We all love recycling, right? And we’re more aware than ever of the importance of disposing of our waste properly for the sake of the environment. 

Generally, we’re pretty good on the basics. Aluminium cans, glass bottles, cardboard. Check, check, check. 

But the British Science Association (BSA) just released some research — in honour of British Science Week — that showed not a single one of the 2,000 adults they quizzed about the dos and don’ts of recycling got full marks. 

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It’s not a great sign for the rest of us. 

But getting recycling right is a big deal. Between 2012 and 2016, there was an 84% increase in recycling being rejected because of people contaminating it with non-recyclable items. And when that happens, the whole lot can get sent to landfill instead. 

So, to make sure all of our recycling records are squeaky clean — here are some of the most common mistakes in recycling: 

1. It can’t be recycled if it’s covered in food

Even if a container is recyclable, if it’s got food waste on it it’s likely to be rejected. That means, wash out bottles, plastic containers, and tin cans. 

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And it also means that those greasy pizza boxes can’t be recycled either. The best thing to do is tear off the parts of cardboard and paper containers that are contaminated and recycle the rest. 

It’s the same for dirty kitchen roll too. Some 34% of us think you can recycle it, according to the BSA’s research, but you can’t.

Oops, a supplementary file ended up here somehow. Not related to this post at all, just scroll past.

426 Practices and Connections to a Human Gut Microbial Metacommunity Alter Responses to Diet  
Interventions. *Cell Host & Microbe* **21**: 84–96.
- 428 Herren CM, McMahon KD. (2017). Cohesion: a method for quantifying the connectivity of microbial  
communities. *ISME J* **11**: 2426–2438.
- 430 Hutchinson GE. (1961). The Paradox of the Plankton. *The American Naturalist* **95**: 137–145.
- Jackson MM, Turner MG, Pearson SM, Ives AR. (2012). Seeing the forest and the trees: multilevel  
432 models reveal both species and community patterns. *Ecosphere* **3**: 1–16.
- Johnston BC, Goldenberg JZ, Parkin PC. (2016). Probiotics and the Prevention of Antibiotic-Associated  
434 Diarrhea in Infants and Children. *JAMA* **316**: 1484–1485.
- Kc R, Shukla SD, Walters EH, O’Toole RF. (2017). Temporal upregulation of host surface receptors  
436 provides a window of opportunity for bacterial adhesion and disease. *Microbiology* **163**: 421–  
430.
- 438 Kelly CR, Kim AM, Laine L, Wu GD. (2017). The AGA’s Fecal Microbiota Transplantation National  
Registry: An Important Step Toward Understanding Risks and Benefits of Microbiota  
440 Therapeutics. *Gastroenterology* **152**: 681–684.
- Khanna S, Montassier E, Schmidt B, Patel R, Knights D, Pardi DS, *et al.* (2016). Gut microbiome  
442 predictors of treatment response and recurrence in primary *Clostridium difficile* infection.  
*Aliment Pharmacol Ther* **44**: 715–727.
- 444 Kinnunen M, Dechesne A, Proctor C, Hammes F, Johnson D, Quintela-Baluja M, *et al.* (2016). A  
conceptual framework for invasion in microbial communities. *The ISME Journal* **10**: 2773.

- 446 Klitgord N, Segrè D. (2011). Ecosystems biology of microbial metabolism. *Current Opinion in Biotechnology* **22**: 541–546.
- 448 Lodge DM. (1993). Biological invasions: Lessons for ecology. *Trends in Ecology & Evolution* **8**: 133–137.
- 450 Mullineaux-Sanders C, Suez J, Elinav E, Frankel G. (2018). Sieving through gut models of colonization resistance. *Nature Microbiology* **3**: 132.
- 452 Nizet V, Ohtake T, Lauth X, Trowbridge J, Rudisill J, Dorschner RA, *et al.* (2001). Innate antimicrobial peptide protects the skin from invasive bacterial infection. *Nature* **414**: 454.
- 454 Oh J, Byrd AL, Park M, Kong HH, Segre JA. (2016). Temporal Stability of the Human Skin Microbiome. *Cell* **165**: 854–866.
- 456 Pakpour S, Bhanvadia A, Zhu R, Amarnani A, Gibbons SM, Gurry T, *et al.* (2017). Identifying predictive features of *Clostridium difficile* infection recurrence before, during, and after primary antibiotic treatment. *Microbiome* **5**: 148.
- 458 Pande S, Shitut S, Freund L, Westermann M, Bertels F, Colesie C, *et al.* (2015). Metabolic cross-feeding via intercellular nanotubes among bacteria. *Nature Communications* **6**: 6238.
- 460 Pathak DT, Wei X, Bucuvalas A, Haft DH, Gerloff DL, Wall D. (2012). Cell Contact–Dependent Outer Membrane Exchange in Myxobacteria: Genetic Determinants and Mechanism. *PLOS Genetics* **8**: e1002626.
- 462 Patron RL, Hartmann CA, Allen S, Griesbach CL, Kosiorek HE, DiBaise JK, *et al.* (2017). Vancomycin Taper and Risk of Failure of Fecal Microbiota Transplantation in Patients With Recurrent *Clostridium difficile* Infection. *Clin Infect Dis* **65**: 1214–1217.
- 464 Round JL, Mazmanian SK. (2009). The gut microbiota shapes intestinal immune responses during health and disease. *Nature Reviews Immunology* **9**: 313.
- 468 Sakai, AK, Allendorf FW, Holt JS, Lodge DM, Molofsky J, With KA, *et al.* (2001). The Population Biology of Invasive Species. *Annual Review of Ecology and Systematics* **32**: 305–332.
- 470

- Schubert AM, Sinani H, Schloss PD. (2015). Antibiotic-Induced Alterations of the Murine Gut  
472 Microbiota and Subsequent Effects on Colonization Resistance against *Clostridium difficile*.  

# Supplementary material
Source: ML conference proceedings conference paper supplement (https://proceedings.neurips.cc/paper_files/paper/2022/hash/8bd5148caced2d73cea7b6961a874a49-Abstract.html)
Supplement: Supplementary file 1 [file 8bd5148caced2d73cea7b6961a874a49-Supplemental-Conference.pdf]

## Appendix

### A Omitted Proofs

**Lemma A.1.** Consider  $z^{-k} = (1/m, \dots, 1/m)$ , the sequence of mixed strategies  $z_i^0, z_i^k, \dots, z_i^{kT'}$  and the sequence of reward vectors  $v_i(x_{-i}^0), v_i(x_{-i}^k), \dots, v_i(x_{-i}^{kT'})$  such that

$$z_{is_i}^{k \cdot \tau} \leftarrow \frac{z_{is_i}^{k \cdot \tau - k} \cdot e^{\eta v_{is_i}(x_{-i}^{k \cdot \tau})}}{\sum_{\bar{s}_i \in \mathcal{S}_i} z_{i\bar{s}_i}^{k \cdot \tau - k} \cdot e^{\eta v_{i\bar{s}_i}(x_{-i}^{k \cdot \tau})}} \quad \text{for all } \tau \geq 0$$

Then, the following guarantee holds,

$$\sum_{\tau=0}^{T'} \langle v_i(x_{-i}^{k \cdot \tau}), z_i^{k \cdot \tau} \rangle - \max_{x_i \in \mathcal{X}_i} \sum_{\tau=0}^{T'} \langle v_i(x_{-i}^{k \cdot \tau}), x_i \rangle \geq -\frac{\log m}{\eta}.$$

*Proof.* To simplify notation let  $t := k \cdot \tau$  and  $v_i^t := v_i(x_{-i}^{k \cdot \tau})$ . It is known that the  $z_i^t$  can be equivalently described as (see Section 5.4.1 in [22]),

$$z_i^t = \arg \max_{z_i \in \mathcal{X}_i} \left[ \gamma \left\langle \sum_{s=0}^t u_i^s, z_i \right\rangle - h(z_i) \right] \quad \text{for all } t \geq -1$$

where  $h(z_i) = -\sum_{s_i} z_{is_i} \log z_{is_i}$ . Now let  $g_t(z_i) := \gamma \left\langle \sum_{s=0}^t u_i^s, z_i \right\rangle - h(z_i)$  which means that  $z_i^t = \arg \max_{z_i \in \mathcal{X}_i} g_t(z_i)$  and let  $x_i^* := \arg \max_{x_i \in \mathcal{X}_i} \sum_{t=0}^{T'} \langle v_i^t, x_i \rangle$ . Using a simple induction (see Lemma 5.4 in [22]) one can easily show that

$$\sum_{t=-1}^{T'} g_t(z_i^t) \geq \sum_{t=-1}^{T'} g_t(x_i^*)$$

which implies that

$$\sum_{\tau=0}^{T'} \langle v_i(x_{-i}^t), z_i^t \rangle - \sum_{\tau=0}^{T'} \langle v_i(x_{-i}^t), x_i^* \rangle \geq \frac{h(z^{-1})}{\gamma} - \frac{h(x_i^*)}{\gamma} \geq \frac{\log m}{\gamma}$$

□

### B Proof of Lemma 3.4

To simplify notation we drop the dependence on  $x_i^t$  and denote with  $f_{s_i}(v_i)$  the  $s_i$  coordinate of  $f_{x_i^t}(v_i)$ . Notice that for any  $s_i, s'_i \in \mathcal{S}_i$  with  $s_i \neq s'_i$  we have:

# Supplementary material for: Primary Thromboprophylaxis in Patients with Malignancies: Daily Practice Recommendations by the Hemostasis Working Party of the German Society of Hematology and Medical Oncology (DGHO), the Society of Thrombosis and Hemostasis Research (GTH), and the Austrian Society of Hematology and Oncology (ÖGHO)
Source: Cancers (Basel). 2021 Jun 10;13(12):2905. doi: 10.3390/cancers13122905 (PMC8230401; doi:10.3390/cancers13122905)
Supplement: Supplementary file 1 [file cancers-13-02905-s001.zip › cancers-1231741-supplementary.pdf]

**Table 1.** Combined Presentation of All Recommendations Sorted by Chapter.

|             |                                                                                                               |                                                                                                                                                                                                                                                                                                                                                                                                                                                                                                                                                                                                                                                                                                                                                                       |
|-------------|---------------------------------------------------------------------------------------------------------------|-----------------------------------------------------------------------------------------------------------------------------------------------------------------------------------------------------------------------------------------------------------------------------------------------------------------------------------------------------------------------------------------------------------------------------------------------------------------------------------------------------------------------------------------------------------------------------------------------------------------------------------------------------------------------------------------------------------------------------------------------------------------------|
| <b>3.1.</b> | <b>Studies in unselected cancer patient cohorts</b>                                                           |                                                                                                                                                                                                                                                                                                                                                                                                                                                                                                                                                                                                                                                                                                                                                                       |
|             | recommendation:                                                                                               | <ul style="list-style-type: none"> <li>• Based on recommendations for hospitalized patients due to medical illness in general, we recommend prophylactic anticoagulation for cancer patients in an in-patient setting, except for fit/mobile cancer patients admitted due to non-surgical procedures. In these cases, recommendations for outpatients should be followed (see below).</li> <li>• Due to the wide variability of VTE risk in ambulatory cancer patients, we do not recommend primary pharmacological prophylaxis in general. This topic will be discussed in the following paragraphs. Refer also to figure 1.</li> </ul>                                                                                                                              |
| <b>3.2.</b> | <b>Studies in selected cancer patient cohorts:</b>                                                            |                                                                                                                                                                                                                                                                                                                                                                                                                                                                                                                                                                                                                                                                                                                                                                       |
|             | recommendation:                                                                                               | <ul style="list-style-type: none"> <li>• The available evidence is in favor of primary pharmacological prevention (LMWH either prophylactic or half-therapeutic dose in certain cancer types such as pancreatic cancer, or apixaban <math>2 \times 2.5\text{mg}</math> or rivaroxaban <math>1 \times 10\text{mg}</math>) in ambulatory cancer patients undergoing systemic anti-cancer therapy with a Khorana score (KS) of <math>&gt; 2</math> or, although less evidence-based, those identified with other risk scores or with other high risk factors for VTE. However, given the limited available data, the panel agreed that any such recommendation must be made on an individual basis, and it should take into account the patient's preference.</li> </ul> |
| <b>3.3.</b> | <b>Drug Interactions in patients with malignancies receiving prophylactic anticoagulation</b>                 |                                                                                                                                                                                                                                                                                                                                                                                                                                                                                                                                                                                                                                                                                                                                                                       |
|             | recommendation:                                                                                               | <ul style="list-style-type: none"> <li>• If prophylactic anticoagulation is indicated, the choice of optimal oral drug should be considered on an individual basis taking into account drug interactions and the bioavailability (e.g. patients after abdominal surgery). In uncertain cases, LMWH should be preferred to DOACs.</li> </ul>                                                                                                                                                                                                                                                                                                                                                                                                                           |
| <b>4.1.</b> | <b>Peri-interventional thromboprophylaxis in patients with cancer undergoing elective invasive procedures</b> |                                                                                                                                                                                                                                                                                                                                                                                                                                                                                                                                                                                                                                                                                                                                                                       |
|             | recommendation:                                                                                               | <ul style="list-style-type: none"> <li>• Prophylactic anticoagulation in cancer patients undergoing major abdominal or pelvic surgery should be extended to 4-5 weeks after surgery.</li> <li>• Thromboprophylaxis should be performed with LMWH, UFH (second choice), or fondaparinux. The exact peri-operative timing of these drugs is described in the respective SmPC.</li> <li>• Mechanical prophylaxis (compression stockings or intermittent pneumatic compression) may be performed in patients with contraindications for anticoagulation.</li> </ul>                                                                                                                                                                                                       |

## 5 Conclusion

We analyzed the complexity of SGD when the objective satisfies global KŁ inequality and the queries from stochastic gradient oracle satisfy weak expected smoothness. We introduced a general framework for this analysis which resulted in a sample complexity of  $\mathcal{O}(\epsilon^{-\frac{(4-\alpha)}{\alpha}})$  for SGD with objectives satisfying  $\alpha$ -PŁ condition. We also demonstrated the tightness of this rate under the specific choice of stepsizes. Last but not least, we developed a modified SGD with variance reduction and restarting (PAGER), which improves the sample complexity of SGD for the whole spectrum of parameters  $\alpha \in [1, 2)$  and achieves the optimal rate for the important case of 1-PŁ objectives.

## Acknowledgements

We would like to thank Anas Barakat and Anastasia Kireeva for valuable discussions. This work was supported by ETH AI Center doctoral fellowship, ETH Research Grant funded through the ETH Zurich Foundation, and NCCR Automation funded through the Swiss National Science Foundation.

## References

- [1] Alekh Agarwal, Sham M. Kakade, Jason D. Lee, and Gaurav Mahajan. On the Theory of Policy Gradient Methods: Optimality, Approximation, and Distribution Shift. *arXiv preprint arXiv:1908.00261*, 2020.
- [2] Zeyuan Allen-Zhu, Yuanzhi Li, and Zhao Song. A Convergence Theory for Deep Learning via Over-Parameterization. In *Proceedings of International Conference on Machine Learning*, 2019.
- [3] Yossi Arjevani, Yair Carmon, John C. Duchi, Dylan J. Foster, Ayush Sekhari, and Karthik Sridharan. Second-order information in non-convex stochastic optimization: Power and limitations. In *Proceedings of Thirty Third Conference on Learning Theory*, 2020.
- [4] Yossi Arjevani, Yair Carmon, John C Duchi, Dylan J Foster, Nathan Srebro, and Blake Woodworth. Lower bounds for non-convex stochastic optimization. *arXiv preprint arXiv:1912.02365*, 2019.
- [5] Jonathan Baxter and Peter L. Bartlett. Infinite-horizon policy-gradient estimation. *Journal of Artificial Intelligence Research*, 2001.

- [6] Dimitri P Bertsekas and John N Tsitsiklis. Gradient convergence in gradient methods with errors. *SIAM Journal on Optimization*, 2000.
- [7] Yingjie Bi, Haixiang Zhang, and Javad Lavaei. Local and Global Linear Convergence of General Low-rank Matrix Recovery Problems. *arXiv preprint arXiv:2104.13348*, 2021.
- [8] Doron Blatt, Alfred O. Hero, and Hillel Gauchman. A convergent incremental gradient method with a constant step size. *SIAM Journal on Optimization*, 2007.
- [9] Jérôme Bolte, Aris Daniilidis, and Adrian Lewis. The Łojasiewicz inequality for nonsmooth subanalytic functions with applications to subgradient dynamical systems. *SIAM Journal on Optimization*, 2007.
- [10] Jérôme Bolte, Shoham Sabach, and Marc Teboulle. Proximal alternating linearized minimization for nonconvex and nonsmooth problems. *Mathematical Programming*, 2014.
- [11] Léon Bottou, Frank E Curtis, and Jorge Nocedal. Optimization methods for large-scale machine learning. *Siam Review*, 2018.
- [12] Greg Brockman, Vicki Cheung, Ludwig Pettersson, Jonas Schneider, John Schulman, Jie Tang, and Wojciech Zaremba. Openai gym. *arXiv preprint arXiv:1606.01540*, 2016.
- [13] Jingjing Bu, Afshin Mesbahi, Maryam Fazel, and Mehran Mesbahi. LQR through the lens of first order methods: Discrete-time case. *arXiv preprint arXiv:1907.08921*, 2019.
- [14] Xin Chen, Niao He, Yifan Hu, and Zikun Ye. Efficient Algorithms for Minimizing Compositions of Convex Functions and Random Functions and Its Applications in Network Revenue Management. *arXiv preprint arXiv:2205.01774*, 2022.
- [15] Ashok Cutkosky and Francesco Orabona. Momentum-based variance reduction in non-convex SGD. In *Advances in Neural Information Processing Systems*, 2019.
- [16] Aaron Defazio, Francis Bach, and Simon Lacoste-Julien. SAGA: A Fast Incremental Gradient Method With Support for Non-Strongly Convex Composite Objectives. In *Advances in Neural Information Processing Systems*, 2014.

2. Plastic bottle tops

According to the BSA, 44% of people are putting the pump dispenser tops of hand soap bottles in the recycling — but these should be removed from the bottle first. 

Plastic bottle tops are a much-debated topic in the world of recycling. According to the National Recycling Week website, however, you should remove plastic tops from your recyclable bottles and cartons and throw them in the rubbish. 

That’s because, when the lid is left on the bottle it is more likely that there will be liquid in the bottle — so it will weigh more than it should and the sorting machines can’t process it properly. 

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Another reason is that when the top is left on the bottle, it also traps air inside. It means that when the bottles are baled together in the sorting process, they can pop back into shape and force the bales apart. They then need to be re-baled, using more energy than necessary. 

A second option, according to the site, is to remove the lid, squeeze out the air, and then replace the lid. This means the lid will be recycled along with the bottle, but won’t cause issues with the baling. 

3. Coffee cups

The UK ditches 2.5 billion disposable cups every year. But of every 400 disposable coffee cups thrown away, just one gets recycled. 

It’s because of a thin layer of tightly bonded polyethylene liner — which is what makes the cup waterproof — that means the cups can’t be recycled in the usual way. 

Read more: This Coffee Chain Is the First in the UK to Charge a 'Latte Levy' for Disposable Cups

Best option? Get yourself a reusable cup for your hot drinks. You’ll be rewarded for it. Starbucks and Costa Coffee both offer a 25p discount on any drink, while Pret a Manger recently doubled its discount to 50p. With some independent coffee shops also moving towards recyclable cups, it's worth asking whether their cups can be recycled, or whether they offer facilities for recycling.